Drug Advertising and Prices

By December 7, 2009Commentary

While drug spending is one part of health care where the curve has been bent downward in recent years, concerns remain about the appropriateness of prescribing behavior and the impact of drug company promotional activities on that behavior.  In a brief report, the Congressional Budget Office looks at pharmaceutical firms’ spending on marketing activities, primarily detailing (direct sales activity to physicians) and direct-to-consumer advertising.  (CBO Report) The report is largely descriptive.  It sets out the purported benefits of both detailing and DTC advertising and the adverse effects which might occur, particularly in regard to cost.

Drug companies spent about $4.7 billion on DTC in 2008 and about $12 billion on detailing, out of a total promotional budget of $20.5 billion.  In addition, probably around $20 billion of free samples of product were distributed to physicians.   Note that sales in the US of drugs in 2008 amounted to around $190 billion and R & D costs were about $38 billion.  So in total, pharmaceutical companies were allocating almost as much spending to promotion as to development of new products and that spending is 20% or more of sales.  Not surprisingly, much of the promotional spending, especially DTC, is on drugs for widespread chronic diseases.    More money also tends to be spent on drugs with little competition  and on relatively new products.

A specific example of the effects of this spending is reported in the Archives of Internal Medicine.  (Archives Abstract) Researchers examined the effect of direct-to-consumer advertising for Plavix on Medicaid prescription drug costs.  If a company initiates DTC for a product, it must be anticipating recouping the substantial costs of the advertising through more unit sales and/or price increases.  Examining Medicaid spending in 27 states covering 30 million enrollees, the researchers found that after the start of DTC advertising the trend of increase in the number of Plavix prescriptions did not change.  But unit prices, and therefore total costs for Plavix, did increase significantly, by around 12%.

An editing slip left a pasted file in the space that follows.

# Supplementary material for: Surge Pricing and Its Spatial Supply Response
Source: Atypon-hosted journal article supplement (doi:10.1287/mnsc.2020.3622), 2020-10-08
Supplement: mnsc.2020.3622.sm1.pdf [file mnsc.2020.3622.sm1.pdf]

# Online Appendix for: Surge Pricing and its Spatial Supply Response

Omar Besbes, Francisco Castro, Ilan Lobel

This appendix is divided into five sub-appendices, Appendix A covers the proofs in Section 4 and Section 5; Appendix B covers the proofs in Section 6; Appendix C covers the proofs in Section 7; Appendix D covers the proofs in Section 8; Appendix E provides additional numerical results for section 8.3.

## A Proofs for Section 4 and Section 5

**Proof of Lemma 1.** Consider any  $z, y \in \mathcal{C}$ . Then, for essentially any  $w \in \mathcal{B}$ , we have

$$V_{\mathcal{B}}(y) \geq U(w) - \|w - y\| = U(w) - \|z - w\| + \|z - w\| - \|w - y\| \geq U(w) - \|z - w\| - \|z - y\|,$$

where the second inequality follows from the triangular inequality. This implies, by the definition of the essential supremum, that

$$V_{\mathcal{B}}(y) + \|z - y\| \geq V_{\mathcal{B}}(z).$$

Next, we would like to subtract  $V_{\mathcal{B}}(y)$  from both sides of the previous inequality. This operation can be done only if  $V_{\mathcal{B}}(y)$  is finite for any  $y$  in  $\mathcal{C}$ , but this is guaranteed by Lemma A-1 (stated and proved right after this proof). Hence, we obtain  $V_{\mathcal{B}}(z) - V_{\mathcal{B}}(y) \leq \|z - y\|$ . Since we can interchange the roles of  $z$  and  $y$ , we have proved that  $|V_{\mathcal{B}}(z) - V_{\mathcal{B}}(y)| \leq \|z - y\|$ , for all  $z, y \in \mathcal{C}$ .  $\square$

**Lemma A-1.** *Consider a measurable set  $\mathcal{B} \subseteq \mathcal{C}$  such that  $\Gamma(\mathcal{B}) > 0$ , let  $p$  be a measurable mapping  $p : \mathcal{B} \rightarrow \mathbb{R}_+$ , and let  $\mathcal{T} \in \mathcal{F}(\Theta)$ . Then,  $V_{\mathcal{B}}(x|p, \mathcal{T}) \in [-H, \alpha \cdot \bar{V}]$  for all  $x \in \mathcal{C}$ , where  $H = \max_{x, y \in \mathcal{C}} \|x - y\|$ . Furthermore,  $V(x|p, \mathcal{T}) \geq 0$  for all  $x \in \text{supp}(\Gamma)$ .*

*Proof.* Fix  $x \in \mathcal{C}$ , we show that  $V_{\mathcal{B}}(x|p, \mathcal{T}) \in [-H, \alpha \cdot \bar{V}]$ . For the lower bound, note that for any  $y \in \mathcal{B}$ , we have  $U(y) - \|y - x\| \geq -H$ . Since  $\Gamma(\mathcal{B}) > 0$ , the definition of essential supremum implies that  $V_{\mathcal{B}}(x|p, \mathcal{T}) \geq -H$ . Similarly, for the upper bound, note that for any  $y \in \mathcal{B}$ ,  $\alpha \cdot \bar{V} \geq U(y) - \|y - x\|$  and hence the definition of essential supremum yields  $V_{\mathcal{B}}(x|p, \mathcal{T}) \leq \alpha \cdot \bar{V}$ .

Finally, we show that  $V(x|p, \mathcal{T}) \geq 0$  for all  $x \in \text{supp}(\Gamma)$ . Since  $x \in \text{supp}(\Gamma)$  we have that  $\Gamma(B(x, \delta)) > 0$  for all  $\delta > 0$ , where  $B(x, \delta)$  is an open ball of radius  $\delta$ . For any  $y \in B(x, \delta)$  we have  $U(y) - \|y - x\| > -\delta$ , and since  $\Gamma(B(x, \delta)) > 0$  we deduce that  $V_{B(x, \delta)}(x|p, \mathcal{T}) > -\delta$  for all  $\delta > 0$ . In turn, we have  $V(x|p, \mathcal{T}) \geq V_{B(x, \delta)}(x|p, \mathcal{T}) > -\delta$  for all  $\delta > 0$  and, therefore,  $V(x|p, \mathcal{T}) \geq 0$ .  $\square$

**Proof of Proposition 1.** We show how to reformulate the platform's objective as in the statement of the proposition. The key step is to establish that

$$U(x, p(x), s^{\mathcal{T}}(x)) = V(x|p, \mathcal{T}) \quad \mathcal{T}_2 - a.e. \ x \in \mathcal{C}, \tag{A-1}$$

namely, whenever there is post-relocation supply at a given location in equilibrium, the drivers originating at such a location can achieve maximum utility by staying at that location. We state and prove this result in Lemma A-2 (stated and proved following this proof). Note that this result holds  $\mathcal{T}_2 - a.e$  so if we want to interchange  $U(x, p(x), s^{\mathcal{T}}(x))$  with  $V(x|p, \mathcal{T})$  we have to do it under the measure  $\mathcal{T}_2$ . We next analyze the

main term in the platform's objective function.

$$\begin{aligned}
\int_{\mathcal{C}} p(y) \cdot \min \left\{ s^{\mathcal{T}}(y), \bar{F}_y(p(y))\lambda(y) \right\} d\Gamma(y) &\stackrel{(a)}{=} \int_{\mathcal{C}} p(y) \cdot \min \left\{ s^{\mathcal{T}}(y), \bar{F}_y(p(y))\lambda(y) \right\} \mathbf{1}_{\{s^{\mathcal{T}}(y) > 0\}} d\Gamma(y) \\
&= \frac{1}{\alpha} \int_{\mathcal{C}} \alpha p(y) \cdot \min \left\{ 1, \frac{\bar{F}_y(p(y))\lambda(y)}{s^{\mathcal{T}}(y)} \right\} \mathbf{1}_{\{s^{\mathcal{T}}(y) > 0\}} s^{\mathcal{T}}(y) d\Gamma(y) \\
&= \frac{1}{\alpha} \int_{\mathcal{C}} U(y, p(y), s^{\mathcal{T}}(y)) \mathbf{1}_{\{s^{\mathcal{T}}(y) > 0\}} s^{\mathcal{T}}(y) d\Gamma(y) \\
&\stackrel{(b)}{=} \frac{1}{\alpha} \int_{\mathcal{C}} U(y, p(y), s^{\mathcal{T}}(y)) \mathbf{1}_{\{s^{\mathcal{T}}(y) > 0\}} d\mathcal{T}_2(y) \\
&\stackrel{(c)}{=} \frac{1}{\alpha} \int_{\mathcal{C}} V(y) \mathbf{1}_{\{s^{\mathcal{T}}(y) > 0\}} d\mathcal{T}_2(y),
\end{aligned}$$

While other factors might account for both the lack of unit sales increase and the price rises, it seems logical to conclude that a firm needs to raise prices to cover the cost of DTC and that it would believe the effect of DTC would support demand for the product even at the higher price.  The researchers did not look at the appropriateness of Plavix prescribing, but that would obviously be of interest.  Banning DTC and limiting other promotional activities, which has been proposed by some policymakers, would have a substantial lowering effect on drug company costs, which might in turn allow for a reduction in unit prices.  It might also help ensure appropriate prescribing.

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